Visiting the Occupy Sydney demonstration outside the Reserve Bank in Martin Place on Friday was something of a surreal experience. Despite the placard quoting Marxist Che Guevara (“a true revolutionary is guided by great feelings of love”), the demonstration was not about revolution. Rather, the prevailing mood was one of entitlement, as is the case in some 900 similar protests now occurring throughout the world.

While taking notes, I was approached by a young woman who wanted to tell me her story. It turned out she was an unemployed law graduate who had been looking for work for the past three months. Her problem? Well, she wanted to work in a relatively low-paying community law job but the only positions available for law graduates were in relatively high-paying CBD firms. Some injustice, don’t you think?

When I asked why the number of demonstrators seemed small, the response was that many went to work during the day in the IT and other industries and returned to the protest site each evening. The group assembled that morning appeared to be students, unemployed young men and women and a few pensioners, all of whom would probably have been receiving some government-funded payment or subsidy.

This seemed at odds with the signs calling for the end of capitalism in general and taxation in particular. When I asked how the handouts could be funded if taxation was abandoned for the 99 per cent of Australians whom the protesters said they were representing, the young woman said she did not agree with all the placards. She also claimed to have no problem with the Reserve Bank or indeed capitalism. It turned out her real interest was climate change and she wanted huge increases in government subsidies for alternative energy projects. Now.

It seemed that the Occupy Sydney protesters had a sense of entitlement that extended far beyond jobs and policy. Their demands included Wi-Fi, toilets and the right to construct tents. City of Sydney councillor Shayne Mallard was reported as saying that he was supportive of legal protests but opposed “a protest of the anarchist left designed to provoke the authorities and businesses of the city”. On Sunday, NSW Police broke up the camp. The move was backed by the Premier, Barry O’Farrell, but criticised by the lord mayor, Clover Moore.

The Victoria Police had taken similar action in Melbourne on Friday. The Occupy Melbourne protests had turned parts of the Melbourne CBD into a moveable slum and disrupted numerous small businesses in the vicinity. The Sunday Age supported the demonstration, editorialising that “grassroots demonstrators do not threaten civic life, but in many ways enhance it”. Needless to say, businesses losing serious money each day have a different conception of grassroots democracy.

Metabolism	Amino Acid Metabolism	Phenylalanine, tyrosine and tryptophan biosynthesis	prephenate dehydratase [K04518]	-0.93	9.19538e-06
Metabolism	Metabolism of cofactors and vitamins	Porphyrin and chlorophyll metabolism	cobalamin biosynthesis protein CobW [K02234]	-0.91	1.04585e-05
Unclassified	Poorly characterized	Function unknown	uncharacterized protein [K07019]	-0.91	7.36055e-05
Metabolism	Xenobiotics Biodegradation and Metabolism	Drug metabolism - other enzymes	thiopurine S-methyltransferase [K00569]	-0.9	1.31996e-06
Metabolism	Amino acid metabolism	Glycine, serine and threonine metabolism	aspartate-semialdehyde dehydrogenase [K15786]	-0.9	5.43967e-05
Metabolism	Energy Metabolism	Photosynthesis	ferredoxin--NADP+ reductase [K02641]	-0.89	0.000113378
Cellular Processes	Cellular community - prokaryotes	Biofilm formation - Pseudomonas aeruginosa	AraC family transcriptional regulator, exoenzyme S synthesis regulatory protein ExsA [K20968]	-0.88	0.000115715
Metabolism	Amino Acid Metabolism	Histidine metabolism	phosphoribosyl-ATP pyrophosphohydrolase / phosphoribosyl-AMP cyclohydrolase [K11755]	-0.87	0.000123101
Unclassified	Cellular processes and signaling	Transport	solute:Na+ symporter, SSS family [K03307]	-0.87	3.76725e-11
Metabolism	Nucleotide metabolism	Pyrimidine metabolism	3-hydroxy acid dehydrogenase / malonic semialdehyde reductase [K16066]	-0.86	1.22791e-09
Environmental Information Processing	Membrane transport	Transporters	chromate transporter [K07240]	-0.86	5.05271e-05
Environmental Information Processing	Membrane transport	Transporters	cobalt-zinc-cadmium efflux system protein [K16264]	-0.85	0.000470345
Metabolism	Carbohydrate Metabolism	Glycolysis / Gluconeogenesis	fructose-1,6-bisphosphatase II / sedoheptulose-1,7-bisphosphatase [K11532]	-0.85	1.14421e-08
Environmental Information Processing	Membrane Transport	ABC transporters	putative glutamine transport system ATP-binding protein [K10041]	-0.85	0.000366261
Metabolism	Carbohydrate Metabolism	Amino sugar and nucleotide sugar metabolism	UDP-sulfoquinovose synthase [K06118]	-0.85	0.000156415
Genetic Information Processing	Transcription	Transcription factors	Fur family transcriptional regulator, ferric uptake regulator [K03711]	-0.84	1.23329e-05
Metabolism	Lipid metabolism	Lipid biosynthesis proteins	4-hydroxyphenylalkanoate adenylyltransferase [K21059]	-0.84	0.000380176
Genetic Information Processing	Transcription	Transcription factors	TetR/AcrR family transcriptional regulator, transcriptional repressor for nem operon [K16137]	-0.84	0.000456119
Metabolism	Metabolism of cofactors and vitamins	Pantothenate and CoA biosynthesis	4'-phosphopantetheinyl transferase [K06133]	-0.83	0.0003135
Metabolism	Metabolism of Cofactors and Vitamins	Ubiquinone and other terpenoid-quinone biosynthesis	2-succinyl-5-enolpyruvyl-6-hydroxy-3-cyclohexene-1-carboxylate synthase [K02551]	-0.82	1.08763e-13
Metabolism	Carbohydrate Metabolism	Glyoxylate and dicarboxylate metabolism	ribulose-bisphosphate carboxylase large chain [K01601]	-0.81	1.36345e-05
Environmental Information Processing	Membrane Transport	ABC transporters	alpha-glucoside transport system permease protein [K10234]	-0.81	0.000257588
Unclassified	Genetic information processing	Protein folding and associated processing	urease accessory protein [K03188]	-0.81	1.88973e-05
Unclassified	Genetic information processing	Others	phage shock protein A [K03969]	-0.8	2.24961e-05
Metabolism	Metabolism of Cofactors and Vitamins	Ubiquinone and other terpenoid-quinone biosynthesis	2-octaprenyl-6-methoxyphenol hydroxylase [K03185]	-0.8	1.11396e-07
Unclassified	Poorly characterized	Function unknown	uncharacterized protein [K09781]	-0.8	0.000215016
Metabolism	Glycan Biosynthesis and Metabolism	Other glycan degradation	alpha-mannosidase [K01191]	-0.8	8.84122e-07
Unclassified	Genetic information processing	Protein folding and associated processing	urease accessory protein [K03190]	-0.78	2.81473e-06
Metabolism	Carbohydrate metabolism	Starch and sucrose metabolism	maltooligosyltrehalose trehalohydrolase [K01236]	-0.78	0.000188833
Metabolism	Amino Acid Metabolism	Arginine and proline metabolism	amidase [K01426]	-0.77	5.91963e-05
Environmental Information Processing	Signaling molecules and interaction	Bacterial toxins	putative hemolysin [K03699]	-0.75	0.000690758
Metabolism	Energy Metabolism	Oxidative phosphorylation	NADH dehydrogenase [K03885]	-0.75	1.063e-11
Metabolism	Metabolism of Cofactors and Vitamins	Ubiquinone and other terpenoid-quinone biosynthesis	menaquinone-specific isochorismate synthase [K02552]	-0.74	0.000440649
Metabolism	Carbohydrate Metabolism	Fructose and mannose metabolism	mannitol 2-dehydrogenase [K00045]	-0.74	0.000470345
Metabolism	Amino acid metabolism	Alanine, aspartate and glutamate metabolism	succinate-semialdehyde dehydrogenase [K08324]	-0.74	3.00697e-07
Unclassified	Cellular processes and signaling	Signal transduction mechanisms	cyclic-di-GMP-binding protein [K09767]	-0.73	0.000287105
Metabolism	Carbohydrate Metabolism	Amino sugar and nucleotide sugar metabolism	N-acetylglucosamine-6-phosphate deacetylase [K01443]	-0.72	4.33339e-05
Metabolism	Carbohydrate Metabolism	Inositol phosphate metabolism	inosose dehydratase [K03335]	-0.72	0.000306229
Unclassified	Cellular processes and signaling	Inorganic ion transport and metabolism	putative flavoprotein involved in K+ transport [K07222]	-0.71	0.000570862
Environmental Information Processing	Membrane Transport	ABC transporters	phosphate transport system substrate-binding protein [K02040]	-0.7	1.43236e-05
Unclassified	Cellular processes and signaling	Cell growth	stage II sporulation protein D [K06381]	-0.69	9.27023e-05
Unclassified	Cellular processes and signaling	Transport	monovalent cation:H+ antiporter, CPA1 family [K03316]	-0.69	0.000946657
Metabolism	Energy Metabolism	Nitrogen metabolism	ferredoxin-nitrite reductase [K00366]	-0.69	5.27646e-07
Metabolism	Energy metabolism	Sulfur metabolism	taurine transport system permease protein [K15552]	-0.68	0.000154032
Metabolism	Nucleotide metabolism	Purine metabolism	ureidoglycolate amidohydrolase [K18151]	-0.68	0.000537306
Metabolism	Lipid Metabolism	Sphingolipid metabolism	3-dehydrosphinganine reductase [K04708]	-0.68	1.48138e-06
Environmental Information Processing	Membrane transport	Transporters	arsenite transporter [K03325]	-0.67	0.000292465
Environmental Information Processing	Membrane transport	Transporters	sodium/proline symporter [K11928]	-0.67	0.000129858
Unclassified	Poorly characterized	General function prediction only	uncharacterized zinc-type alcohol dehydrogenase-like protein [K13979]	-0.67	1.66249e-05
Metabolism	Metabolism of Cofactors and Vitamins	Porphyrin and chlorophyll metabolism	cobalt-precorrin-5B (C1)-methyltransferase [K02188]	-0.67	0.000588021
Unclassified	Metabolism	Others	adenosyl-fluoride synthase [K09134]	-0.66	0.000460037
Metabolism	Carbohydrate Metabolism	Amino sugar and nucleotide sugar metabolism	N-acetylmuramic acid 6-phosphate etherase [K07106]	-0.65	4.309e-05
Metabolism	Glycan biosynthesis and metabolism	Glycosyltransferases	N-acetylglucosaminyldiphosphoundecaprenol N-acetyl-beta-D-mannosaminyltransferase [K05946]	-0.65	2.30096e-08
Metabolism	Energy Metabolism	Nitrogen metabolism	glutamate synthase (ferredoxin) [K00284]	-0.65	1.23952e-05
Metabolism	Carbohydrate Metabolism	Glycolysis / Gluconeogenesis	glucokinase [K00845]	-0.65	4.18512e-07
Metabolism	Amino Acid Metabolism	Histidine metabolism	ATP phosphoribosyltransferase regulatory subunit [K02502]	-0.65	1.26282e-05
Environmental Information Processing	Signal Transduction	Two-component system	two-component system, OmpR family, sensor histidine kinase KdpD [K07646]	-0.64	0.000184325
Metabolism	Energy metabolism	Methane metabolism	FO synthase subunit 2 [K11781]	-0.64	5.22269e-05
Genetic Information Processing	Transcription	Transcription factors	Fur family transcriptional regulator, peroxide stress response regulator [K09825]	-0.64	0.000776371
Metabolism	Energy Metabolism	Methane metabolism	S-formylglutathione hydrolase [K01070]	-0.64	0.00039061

On Saturday I walked past Melbourne’s City Square. There was a heavy police and security presence. It seems the Victorian authorities have junked the hand-holding approach to civil disorder evident when Christine Nixon was police commissioner. The decision to clear the City Square was initiated by the Melbourne lord mayor, Robert Doyle, with the support of the Liberal premier, Ted Baillieu, Labor Opposition Leader Daniel Andrews and Gillard government minister Bill Shorten. The only prominent politician to support the demonstrators was the Greens MP for Melbourne, Adam Bandt.

Historically, the left in Australia has derided the influence of American culture. Yet the Occupy Sydney and Melbourne movements are a copy of the Occupy Wall Street movement, which has taken over Zuccotti Park. The American protest is very much a production of the white middle class and it has also created a moveable slum among New York businesses and neighbourhoods.

However, there is, or should be, one essential difference between the protests. The crowd in Zuccotti Park should be directing its anger at the government in Washington presiding over near-record spending and debt accompanied by high levels of unemployment – a special worry among the young and African Americans.

Australia, on the other hand, has one of the strongest economies in the Western world with relatively low unemployment, primarily due to the economic reforms undertaken between 1983 and 2007 by the Hawke, Keating and Howard governments. Also, the Australian financial system was well-regulated. Here the reforms initiated by Peter Costello, to ensure the independence of the Reserve Bank and to establish the Australian Prudential Regulation Authority, had a most beneficial effect when the global financial crisis occurred in 2008. Yet the Occupy Sydney movement saw fit to demonstrate outside the Reserve Bank.

Western democracies offer numerous opportunities for protests. The likes of Bandt and Moore take a soft attitude to this occupation of public places, but would be most unlikely to adopt a similar approach if the protesters constituted Tea Party imitators opposing a carbon tax or militant Christians opposing abortion or homosexuality.

One of the Occupy Melbourne organisers acknowledged that the demonstration did not have a point. Narcissism, however, is a very contemporary attitude.

Gerard Henderson is executive director of The Sydney Institute.